In response to GC’s letter about “immature” students, I understand your frustration. This last year has been a long and difficult one for many of us. I hope you’ll understand and take the time to consider what I have to say in response.
Firstly, I would like to say that you are right. It is an honour to be able to go to university, a privilege that I myself wouldn’t have had if it wasn’t for the Scottish Government giving me the opportunity to develop myself without the worry of paying for it.
The risk that we all face because of Covid-19 is a very real one and I understand why it may be appealing to ‘‘throw them out of university’’ as you say.
However, I hope you will consider some of the points that I am about to discuss.
These students are not frustrated because they cannot go to the clubs and party. These students are frustrated because they were lured back to the city with the promise of face-to-face learning, something so important to the effective transfer of information.
The reality for many students is that they are stuck in leases paying a minimum of £3,500 a year, these rooms having shared facilities so that even if they wanted to, they couldn’t completely isolate themselves.
These students are more often than not paying for their accommodation/bills themselves (a taste of that ‘‘adult world’’ you mentioned) meaning they are working on top of studying.
The jobs students find themselves doing cannot be done from home (working in retail, food establishments and other “key” sectors). It is important to question if these students are getting Covid-19 from partying and breaking lockdown rules, or if they are catching it while trying to support themselves.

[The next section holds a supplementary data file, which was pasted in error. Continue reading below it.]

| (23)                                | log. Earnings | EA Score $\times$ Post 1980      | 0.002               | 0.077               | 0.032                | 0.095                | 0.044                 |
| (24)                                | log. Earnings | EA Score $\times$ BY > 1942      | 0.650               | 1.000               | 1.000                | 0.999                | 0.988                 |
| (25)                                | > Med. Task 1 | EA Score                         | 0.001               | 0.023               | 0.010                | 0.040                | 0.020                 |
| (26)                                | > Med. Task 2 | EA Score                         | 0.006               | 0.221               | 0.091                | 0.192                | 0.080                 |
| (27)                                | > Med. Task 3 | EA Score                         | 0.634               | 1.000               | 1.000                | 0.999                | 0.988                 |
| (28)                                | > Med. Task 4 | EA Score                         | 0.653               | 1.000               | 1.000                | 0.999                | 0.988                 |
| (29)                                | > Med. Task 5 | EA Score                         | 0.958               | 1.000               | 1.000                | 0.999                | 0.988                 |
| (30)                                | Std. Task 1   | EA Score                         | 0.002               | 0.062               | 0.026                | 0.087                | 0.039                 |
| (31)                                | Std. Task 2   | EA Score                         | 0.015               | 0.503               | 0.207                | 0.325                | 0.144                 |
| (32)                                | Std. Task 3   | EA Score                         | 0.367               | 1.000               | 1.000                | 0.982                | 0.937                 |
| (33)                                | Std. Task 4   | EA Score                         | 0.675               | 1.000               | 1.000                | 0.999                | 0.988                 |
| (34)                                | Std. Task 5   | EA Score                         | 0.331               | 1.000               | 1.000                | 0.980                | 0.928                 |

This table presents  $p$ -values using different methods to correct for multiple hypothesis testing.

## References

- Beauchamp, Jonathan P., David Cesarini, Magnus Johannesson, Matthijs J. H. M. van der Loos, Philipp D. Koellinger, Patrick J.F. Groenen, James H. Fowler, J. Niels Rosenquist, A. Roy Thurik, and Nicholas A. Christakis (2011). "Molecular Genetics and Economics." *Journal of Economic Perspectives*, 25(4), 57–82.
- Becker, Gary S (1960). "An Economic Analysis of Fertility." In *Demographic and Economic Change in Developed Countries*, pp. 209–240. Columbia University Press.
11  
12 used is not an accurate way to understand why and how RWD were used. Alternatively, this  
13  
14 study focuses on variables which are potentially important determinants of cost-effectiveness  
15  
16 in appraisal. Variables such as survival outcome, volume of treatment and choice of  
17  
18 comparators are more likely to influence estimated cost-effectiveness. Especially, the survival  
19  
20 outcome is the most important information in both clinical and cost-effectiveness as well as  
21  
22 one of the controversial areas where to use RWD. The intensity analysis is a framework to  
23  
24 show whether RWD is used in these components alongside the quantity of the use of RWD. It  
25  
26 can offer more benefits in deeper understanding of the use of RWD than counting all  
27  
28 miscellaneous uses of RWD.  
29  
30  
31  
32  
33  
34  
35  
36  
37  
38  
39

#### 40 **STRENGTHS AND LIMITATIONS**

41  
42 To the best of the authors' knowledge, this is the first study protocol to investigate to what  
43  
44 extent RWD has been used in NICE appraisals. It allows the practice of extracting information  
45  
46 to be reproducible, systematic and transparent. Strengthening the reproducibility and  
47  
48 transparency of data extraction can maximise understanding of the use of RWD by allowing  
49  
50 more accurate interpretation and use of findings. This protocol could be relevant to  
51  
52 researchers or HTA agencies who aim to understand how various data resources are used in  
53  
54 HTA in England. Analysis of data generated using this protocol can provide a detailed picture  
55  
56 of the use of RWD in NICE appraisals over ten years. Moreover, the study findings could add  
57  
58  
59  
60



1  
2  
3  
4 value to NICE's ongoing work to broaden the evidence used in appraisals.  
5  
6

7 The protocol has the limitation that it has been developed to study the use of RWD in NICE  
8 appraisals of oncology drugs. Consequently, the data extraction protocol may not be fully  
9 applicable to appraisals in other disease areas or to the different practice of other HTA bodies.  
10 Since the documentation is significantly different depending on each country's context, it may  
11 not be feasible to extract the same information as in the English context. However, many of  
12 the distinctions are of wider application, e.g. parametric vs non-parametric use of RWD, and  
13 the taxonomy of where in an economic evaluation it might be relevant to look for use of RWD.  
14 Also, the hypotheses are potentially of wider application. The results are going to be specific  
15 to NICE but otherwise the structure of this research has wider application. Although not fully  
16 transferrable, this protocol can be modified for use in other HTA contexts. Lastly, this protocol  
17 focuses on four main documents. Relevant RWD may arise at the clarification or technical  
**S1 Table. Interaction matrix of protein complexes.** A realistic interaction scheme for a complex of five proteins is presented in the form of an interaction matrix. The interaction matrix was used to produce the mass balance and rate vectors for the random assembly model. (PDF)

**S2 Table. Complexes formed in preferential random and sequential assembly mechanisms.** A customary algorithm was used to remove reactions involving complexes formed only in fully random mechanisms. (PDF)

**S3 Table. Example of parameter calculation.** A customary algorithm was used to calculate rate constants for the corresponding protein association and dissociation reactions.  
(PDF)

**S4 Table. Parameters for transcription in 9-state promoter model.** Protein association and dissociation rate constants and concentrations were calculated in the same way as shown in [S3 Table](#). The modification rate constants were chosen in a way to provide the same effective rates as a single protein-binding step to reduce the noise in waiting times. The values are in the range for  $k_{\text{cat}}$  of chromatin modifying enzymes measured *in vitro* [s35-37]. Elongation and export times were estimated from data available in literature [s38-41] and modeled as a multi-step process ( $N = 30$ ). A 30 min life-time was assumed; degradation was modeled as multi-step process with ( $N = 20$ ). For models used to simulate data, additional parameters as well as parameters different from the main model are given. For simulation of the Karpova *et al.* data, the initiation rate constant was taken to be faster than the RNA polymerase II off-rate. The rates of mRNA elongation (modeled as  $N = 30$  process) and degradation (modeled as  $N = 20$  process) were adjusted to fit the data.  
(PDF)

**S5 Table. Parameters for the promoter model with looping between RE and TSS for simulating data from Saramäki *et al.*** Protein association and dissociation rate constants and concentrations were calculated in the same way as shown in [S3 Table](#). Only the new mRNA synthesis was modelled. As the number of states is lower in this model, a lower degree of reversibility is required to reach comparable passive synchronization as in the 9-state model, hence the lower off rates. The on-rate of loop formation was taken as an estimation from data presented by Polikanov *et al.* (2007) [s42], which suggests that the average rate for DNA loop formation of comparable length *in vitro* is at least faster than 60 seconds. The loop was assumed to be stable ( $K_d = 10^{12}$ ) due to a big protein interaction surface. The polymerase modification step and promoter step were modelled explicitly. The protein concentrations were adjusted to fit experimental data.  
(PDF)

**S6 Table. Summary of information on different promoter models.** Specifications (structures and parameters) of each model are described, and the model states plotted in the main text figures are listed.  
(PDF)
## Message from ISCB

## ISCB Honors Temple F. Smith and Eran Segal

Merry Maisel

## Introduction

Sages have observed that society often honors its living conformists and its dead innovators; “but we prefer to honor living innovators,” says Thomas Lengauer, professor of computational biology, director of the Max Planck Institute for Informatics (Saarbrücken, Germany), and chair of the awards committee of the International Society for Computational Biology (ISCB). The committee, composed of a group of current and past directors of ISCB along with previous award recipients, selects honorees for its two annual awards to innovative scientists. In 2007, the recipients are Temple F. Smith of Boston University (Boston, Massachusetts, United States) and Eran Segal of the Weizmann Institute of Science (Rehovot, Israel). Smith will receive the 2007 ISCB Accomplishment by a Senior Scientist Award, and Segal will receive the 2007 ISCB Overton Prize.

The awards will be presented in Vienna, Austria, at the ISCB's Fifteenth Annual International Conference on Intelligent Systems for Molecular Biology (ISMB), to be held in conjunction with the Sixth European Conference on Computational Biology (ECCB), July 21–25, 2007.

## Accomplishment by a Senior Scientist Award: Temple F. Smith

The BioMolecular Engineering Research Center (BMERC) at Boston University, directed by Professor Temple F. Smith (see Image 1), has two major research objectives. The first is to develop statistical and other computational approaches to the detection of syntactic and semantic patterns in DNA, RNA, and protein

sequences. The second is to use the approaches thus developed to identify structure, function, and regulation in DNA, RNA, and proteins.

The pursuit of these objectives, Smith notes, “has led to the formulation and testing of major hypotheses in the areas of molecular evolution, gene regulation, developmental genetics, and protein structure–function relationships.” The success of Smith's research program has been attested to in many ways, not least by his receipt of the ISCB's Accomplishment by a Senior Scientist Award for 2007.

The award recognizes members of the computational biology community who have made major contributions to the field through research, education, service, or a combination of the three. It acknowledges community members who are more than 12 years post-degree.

It is also very important to understand that a lot of these students that you mention are actually “immature”. The rational part of a human brain is not developed until around the age of 25.
It is easy to forget that these young people are still young but no, not all of them will think rationally in regard to this pandemic.
Knight and rider
What does one do if, when out on a cycle run, a puncture suddenly occurs – stranded eight miles from Aberdeen on the old Deeside railway line with no phone, no pump, no spare tyre and no money.
Extremely foolish, I now know.
I managed to heave the bike back to the nearest establishment, which happened to be the Park cafe. Discussing the situation with the gentleman in the cafe, I was astonished to hear he would see if he could help.
With spanner in hand, the wheel was removed, puncture spot determined and repaired.
No money was requested and I was able to complete my journey to Crathes. Such acts of kindness are so rare nowadays, my faith in human nature has been restored.
He was indeed my knight in shining armour I could only offer my sincerest gratitude.
J Murphy, Aberdeen.